The upcoming meeting between the leaders of China and the United States is of great interest. An interview published in the Chinese newspaper Global Times is devoted to this topic: increasing high-level interactions between China and the US signal that the US wants its relations with China to stabilize and even improve. Even if there's a new balloon incident, bilateral ties will not be blown off course again, George Yeo, former Singaporean minister of foreign affairs, told Global Times in an exclusive interview.
George Yeo. Photo: GT
GT: With the increasing high-level interactions between China and the US, as well as the upcoming APEC meeting, do you think there may be changes in China-US relations in the near future?
Yeo: In the short term, I believe the US wants bilateral relations with China to stabilize, perhaps even to improve a little bit. There's an expectation that President Xi Jinping will meet President Joe Biden in San Francisco, because a lot of preparatory work has been done.
The point is, the US, in the short term, doesn't want bilateral relations to get worse. This is partly because the war in Ukraine is not making much progress from the US side. There is also concern about a serious economic downturn, and the US needs to cooperate with China. Without open channels, if a crisis arises, there may be no time to reach a mutual understanding on how to conceptually address economic challenges.
I think these are the two main reasons why the US wants to improve its relations with China to a certain degree.
GT: From a long-term perspective, where do you think the relationship is headed?
Yeo: In the longer term, China-US relations will remain tense and difficult. This trial of strength between the two will continue for a while, because China is very likely to become the world's largest economy. The US feels that its dominance in the world is threatened by China, and it's hard for Americans to accept this. They even fear that China will want to replace or displace the US as No.1 in the world. China said repeatedly that it has no such ambition, but the US doesn't quite believe China. The US thinks that once China becomes economically strong and powerful, it will want to do what the Western powers did when they became strong and powerful. In this, I believe they don't understand Chinese history and Chinese civilization enough.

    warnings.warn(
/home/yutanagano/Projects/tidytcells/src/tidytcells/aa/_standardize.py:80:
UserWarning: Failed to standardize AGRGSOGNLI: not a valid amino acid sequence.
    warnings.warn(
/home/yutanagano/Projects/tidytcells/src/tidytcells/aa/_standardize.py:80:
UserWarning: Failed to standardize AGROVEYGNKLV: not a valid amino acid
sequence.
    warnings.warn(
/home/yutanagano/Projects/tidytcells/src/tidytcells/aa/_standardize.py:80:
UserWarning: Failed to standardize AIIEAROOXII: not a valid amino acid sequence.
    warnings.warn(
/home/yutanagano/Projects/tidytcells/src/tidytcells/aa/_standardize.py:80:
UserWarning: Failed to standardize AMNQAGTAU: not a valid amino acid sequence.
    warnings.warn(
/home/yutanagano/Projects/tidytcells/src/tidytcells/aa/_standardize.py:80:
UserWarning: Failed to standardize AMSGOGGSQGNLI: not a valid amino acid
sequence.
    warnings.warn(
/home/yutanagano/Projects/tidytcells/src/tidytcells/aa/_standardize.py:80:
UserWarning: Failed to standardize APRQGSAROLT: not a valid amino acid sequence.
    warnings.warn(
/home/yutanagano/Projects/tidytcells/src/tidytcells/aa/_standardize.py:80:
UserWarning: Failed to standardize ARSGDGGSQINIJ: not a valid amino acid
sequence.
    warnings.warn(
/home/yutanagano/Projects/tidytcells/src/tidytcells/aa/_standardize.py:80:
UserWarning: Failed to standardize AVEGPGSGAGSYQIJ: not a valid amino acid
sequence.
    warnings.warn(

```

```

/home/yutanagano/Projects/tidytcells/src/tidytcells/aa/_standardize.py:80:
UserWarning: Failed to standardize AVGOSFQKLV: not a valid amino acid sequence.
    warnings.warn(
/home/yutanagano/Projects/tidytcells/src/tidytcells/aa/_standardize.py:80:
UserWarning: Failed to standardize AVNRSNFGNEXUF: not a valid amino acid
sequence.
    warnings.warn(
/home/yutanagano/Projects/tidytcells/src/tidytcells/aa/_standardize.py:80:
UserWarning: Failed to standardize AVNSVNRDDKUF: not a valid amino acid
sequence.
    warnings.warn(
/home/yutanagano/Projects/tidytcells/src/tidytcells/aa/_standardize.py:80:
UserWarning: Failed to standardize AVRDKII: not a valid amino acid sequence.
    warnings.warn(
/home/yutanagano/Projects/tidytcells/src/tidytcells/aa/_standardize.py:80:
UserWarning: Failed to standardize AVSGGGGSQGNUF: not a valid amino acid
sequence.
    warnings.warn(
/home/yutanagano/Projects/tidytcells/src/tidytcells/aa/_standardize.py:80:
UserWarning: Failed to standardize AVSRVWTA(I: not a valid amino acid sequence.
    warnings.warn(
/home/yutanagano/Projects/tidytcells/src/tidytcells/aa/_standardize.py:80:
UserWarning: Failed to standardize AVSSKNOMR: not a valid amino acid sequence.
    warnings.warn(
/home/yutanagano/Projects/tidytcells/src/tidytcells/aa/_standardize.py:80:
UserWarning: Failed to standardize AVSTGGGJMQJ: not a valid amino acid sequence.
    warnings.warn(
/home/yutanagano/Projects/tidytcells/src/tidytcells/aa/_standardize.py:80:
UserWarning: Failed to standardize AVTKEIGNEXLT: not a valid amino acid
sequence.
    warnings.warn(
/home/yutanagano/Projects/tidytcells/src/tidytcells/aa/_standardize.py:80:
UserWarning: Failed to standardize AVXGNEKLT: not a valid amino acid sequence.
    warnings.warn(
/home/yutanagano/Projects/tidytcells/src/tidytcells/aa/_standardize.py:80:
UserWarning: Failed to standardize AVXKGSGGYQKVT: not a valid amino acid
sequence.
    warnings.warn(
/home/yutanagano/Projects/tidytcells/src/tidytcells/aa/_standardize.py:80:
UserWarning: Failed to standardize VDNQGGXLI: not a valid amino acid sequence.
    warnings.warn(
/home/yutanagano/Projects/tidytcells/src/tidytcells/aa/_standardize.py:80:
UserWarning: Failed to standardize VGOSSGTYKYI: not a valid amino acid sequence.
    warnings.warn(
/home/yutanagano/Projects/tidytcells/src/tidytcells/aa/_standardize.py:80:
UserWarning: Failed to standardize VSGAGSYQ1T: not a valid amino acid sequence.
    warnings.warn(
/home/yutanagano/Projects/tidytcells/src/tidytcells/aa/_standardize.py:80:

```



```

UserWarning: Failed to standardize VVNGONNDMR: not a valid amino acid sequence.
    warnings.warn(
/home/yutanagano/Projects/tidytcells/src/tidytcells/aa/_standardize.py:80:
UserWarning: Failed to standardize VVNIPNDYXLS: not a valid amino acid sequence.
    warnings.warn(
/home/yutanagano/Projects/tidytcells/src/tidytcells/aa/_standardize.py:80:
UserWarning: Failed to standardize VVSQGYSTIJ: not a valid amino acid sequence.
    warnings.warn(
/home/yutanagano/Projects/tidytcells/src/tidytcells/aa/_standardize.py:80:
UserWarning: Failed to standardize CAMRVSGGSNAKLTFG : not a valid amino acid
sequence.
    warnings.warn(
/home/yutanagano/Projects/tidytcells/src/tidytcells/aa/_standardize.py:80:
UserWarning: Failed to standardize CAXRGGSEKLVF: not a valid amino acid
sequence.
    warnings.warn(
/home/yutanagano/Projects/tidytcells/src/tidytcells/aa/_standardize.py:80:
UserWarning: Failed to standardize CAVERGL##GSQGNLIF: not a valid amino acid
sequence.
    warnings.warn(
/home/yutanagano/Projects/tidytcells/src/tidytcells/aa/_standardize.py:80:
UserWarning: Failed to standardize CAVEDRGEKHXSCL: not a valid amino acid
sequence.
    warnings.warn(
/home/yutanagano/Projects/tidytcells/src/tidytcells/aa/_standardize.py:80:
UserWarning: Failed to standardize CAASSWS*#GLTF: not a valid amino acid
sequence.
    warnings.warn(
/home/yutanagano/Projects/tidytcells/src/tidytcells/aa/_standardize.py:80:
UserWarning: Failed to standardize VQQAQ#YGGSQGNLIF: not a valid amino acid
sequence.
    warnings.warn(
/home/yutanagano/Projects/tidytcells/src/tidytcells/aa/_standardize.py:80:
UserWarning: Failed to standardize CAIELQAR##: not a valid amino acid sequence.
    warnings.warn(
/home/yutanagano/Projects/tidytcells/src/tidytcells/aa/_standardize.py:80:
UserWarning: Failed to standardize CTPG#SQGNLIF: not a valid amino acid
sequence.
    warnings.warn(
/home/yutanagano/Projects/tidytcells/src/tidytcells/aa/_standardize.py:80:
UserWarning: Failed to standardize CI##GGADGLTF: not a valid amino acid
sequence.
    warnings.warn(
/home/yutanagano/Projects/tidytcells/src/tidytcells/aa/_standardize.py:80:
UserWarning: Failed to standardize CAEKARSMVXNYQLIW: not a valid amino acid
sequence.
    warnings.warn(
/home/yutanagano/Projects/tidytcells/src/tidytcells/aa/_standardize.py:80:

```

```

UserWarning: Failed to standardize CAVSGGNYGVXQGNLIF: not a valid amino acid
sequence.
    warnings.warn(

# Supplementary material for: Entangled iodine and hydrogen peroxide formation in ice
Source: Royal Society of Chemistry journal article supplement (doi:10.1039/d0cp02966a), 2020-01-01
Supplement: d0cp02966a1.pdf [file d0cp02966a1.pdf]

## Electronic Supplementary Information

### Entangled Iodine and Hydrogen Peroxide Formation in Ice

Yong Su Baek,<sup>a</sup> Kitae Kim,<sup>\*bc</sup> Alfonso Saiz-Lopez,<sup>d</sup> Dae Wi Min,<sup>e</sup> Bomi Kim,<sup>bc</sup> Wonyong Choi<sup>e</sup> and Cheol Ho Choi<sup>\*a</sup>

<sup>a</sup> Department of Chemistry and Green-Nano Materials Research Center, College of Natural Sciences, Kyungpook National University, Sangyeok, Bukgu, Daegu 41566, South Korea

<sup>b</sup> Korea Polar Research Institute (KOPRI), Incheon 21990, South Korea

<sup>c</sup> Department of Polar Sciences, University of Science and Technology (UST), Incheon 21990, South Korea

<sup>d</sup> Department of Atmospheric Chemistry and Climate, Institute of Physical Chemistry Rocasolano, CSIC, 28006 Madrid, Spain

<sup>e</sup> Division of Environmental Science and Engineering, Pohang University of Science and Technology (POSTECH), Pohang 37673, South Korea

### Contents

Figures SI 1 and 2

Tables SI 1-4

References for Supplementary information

China has to be patient. There has to be a period of time where both sides test each other before a more stable position crystallizes. China must be prepared for a period of protracted struggle with the US. US politics also goes through periodic changes. There are elections all the time. It's easy for emotions against China to become inflamed, putting pressure on all candidates to take certain positions.
GT: You have been discussing the coming multipolar world. What roles do you think China and the US can play in this future world?
Yeo: The world is becoming multipolar. The US resists it because it's used to being dominant and preeminent in the world. Many of the institutions that now enable us to communicate, travel and trade freely were shaped by the US after WWII. The US is finding that some of these institutions are no longer acting in its national interest. As a result of, we see the US weaponizing some of these institutions, and weaponizing the long-established practices. I would say that the US is now in a defensive position. It feels that it's got to protect its own interests.
GT: The Xiangshan Forum is being held in Beijing to discuss security cooperation. How do you view China's global security vision and its response to regional conflicts?
Yeo: It is important for Chinese and US' defense establishments and for the two armed forces to be able to communicate with one another in order to avoid accidents. China has been predictably cautious in its response to distant conflicts.
Between Russia and Ukraine, China has triangulated very carefully. It doesn't want Russia to collapse, because that would not be in China's interests. At the same time, it doesn't want to supply weapons, because that's taking sides. China has been telling various parties: I don't want to be involved in your war, but one day when reconstruction is needed, we will be there to help. China is a peacemaker, not a troublemaker in the Russia-Ukraine conflict.
It's the same with the Israel-Palestine conflict. China has taken a clear position condemning what Hamas has done but is sympathetic to the injustices suffered by the Palestinian people over decades. At the same time, it is telling Israel that China is not an opponent. That was what China's permanent representative in the UN said recently, in response to Israeli criticism. He said, it is wrong to treat China as an opponent. China has long upheld a two-state solution and pays equal importance to the security concerns and legitimate rights of both Israel and Palestine.
China has been very careful not to take sides unnecessarily and to triangulate as carefully as possible. We should not add fuel to the fire. We should be peacemakers, not troublemakers.
read more in our Telegram-channel https://t.me/The_International_Affairs